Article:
And that’s what makes blogging as a form stand out: it is rich in personality. The faux intimacy of the Web experience, the closeness of the e-mail and the instant message, seeps through. You feel as if you know bloggers… When readers of my blog bump into me in person, they invariably address me as Andrew. Print readers don’t do that. It’s Mr. Sullivan to them.

That matches my impression of both webcomickers and Lil Wayne: the immediacy and unmediatedness of their work is intoxicating, and they blur the line between personal diary and product, between friend and fan (with sometimes frightening results).

I hasten to add that I don’t think this is the sole future of artistic or literary production. It’s just one part of the cultural ecosystem. We will always need thoughtful, well-crafted, large-scale pieces in every medium. Some creators are better suited to one type or another (God knows if we were all bombarded with Twitter updates and Myspace diss tracks from Bono or Thom Yorke we’d shoot ourselves in the face). Some can tackle both, just as Sullivan finds time apart from his blog grind to compose the occasional essay or book.

But as for the New York Times’ much-mocked anxiety about the upcoming xkcd book — if this comparison holds, Munroe doesn’t have much to worry about.

Where are the sister series to 33 1/3?

or, “Let’s Build a Canon”

I’m a big fan of the 33 1/3 series of music-crit books published by Continuum Books. I appreciate the diversity of authors and approaches they’ve published, from book-length interviews to song-by-song analyses to New Journalistic anecdotes to short fiction to essays in aesthetics, written by everyone from Douglas Wolk to John Darnielle to Colin Meloy to Chris Weingarten to Dan Kois.

33 spines

Boing Boing commenter “Jack” has a great point:

…the concept has potential since in the MP3 world we live in it’s hard to have a physical connection with an album.

We really are physically disconnected from our media — not just music, but TV, video games, news, blogs, webcomics. If you’re like me, most of the stuff you consume is in digital form, and even that which isn’t ephemeral (a dwindling amount, as our media shift from our hard drives to the cloud) is still untouchable.

This is the appeal of the webcomic T-shirt — it’s a way to substantiate an insubstantial thing that we love. You can’t cuddle with your favorite characters, but you can have the next best thing. I’ve never actually owned a physical copy of Low, but I own Hugo Wilcken’s 33 1/3 book on Low, and that makes me feel — however irrationally — like I own it more than I would otherwise. I’ve demonstrated a commitment to it.

(I think of this as part of a larger pattern of active consumption, i.e. the set of actions that readers take in response to a work, as a way of “claiming” it. Fanfiction, mounted art & posters, cosplay, cover songs, claiming communities, shoutboxes, etc)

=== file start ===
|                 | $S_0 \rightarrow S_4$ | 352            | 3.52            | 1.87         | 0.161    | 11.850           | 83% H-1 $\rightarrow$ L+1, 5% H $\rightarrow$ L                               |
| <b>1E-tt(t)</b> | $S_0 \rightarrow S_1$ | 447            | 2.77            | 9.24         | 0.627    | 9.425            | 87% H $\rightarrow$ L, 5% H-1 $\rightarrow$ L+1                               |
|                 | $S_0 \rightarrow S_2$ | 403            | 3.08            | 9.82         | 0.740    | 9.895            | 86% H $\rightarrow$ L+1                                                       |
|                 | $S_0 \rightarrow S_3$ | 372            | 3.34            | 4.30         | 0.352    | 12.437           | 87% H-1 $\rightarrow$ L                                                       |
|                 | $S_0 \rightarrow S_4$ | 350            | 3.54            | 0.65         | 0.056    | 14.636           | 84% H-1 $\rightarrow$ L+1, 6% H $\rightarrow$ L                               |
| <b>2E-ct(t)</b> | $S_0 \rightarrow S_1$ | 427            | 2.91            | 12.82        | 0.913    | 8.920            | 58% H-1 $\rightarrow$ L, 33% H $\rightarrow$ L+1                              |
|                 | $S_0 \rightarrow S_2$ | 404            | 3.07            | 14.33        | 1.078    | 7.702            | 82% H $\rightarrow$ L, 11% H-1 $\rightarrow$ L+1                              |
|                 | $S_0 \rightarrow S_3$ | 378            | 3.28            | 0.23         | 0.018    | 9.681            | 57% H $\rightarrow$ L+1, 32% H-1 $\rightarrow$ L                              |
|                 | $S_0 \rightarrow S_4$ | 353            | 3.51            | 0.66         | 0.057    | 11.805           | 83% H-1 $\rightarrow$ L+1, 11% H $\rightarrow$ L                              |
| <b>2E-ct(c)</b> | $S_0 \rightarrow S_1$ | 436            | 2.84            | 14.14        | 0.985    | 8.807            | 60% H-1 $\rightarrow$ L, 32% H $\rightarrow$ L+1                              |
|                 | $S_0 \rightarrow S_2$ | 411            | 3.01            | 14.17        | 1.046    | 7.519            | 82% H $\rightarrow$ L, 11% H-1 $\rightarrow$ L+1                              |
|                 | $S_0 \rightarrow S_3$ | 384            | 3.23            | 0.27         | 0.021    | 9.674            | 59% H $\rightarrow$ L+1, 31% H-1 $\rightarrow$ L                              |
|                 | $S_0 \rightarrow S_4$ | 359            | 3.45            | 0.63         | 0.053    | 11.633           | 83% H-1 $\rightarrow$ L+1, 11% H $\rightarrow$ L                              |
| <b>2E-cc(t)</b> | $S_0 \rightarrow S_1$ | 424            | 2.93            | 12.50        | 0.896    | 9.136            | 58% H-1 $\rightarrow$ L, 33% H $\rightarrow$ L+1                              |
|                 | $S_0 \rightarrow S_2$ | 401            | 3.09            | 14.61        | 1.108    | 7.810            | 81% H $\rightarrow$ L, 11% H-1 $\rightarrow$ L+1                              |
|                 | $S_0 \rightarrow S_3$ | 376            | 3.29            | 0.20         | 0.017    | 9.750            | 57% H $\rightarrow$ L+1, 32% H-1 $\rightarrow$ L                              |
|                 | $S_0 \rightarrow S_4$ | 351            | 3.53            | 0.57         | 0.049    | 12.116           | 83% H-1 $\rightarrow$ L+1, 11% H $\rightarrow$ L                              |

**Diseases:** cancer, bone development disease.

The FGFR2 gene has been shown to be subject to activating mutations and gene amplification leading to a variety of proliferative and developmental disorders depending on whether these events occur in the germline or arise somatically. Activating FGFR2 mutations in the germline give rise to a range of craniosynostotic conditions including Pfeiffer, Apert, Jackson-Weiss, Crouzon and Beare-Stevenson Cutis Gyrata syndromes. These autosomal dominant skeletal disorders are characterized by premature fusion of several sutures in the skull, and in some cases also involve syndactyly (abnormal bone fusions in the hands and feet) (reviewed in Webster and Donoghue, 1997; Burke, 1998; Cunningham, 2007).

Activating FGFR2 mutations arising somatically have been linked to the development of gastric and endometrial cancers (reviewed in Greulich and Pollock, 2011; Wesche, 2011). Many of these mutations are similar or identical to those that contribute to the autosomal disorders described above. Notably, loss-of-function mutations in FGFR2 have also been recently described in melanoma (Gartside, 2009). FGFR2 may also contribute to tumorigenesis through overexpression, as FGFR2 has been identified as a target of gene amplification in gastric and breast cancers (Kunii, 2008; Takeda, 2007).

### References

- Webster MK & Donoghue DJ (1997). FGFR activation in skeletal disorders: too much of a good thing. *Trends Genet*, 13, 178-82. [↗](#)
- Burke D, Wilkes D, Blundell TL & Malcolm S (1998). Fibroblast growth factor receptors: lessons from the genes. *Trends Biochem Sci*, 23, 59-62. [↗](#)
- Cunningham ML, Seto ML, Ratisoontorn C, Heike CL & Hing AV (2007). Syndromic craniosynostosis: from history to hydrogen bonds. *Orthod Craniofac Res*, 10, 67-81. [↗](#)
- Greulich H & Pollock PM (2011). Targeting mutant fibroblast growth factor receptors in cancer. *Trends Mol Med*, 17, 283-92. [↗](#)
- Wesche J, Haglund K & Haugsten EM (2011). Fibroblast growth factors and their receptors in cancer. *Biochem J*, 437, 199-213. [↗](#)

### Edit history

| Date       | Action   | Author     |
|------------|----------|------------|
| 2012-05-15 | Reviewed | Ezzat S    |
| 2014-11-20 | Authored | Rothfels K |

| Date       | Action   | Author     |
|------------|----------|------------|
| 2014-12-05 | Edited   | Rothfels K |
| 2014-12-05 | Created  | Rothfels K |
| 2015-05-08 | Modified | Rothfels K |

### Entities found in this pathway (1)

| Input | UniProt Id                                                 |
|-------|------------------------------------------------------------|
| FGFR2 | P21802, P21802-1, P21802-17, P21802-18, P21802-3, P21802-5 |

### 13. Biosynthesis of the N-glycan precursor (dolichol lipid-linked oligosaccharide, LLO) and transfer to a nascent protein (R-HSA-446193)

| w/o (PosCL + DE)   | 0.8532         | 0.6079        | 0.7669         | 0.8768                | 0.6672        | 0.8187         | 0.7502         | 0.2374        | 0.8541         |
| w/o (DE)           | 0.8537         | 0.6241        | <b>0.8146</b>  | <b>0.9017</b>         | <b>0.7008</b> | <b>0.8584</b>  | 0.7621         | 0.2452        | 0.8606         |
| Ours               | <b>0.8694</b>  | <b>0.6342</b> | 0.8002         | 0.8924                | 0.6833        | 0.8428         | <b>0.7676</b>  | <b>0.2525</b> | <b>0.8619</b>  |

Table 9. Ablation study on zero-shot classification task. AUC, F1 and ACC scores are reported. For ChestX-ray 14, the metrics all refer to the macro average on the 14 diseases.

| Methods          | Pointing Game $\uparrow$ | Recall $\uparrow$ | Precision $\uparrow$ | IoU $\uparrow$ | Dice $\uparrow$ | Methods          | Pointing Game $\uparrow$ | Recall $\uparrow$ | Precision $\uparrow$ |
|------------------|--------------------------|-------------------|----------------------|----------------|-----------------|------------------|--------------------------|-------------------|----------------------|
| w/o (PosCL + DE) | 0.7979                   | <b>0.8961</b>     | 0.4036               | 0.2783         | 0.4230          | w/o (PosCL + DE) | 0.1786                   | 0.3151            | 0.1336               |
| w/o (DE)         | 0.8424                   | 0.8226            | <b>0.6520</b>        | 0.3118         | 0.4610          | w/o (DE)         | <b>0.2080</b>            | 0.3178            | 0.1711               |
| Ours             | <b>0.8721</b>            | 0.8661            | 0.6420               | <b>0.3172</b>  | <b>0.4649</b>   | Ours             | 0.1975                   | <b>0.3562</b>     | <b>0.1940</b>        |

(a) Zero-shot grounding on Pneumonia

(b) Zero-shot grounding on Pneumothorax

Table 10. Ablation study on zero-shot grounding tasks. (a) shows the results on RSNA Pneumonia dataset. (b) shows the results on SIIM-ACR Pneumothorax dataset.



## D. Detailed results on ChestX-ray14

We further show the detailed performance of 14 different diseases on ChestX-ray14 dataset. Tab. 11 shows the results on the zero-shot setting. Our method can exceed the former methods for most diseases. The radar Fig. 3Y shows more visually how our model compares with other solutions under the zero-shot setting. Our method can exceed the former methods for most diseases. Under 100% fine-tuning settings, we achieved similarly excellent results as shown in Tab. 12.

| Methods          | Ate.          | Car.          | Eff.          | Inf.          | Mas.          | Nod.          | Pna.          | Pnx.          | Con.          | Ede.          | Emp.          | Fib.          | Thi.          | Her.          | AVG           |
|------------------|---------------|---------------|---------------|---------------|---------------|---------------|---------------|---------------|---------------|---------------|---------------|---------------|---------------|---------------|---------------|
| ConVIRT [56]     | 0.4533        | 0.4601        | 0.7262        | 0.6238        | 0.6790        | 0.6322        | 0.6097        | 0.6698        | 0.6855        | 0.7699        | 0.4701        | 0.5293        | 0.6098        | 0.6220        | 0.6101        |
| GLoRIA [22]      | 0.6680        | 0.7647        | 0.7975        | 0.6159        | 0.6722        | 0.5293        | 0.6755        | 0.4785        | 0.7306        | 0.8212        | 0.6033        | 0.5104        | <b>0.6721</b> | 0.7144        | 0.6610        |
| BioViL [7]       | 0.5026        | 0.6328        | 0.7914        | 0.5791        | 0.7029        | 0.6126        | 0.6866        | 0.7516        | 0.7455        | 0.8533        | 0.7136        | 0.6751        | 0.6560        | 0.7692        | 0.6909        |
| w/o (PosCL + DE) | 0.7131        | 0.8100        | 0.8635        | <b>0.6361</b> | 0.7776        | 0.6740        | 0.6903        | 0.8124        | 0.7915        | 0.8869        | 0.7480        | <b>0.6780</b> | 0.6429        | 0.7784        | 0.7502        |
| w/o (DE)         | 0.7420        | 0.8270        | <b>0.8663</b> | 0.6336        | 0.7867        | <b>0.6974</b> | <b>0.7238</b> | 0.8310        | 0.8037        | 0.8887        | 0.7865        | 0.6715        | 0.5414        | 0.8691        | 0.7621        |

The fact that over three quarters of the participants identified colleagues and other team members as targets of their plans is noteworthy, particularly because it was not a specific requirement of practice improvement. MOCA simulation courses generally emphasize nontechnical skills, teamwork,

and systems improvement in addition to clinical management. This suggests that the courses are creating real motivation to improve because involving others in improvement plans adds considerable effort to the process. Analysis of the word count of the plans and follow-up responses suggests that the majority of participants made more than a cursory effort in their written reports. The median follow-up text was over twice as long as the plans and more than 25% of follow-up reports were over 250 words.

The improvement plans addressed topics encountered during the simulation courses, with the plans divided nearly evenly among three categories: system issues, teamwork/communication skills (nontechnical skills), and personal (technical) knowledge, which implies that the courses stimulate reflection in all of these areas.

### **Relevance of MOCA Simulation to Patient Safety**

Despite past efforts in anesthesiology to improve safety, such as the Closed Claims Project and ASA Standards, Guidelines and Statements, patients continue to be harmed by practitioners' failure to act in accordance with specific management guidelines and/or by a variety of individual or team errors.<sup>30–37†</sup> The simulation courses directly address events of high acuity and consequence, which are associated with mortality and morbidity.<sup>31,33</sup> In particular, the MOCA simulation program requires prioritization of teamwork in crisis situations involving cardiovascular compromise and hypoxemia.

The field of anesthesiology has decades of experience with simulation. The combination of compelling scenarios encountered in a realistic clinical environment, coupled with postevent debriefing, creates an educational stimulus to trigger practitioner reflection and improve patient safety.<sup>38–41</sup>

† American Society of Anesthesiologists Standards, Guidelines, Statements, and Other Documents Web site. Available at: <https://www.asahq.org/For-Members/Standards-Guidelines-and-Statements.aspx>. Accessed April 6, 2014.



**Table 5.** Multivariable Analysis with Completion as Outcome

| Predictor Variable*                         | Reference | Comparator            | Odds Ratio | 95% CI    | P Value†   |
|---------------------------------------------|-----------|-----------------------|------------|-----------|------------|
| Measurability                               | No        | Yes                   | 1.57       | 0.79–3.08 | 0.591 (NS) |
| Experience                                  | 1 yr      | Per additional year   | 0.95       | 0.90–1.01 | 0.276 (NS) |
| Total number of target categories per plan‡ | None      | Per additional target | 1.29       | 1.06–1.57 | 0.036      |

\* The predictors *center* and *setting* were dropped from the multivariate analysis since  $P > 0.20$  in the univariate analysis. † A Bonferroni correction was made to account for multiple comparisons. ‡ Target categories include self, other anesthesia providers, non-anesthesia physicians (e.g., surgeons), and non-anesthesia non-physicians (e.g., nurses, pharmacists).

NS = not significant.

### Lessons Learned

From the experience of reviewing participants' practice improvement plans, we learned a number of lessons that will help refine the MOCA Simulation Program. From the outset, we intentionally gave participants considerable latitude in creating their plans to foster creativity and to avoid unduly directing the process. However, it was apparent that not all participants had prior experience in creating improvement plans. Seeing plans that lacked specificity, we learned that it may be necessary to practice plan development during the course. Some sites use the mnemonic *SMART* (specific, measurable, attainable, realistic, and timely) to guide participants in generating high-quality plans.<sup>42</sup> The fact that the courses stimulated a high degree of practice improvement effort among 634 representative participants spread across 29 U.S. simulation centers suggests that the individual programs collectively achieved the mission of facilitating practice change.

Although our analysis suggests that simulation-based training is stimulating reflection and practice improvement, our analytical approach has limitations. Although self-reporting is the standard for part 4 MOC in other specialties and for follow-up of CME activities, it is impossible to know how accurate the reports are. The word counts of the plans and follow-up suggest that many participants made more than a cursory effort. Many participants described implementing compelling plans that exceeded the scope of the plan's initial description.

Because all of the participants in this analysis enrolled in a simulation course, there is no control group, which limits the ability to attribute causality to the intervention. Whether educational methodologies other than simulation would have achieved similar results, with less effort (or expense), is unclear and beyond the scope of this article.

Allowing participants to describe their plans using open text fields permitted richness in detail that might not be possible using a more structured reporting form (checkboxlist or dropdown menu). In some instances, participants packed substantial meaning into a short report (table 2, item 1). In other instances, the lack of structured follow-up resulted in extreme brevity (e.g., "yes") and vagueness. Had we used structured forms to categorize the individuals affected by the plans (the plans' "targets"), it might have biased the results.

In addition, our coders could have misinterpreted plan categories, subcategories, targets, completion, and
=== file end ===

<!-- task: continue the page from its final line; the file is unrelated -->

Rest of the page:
At any rate. Offworld linked to these sweet mock book covers by Olly Moss. They’re inspired by the staggeringly design-y design history of Penguin Books. I wish they were real.

GoldenEye by Olly Moss

GoldenEye by Olly Moss

And it got me thinking: why aren’t there little books, critical retrospectives, for video games? The potential audience is in the millions, and they’re eager for a tangible connection to the ephemeral electronic entertainments of their youth. You don’t need permission from the copyright holders.

The critical turf is a little different — as I understand it, video game history seems to be about a few gigantically popular games that become cultural touchstones for a generation, and then a second tier of considerably less popular games, and then the recognition level drops even more steeply. That’s probably changed somewhat as the industry has matured and widened, but this enterprise inherently needs a little distance — at least ten years since release. So you’re either facing the challenge of writing the definitive book on Mario 3, or you’re writing about Ghouls ‘n Ghosts and trying to sell enough copies to break even.

There’s an additional challenge, of course, because old games are generally “out of print” in a way that albums aren’t. Thank God that emulation is starting to make some older titles legally available via programs like Nintendo’s Virtual Console, but it’s not the same, is it? And for computer games… God help you if you want to play Warcraft II on a modern machine.

Legend of Zelda by Olly Moss

Legend of Zelda by Olly Moss

Still. I want a half-dozen 100-page books on my favorite half-dozen games. Call it D-Pad Books. Come on, world. Make it happen.

For that matter, where are the books on great movies? I know there are hundreds of books on Citizen Kane, but where is the 33 1/3 series for films? Hmm… a quick search reveals that Macmillan is doing it, with the BFI Film Classics series. And, uh, they have been for years, without me noticing. Whoops. Anybody have any experience with those?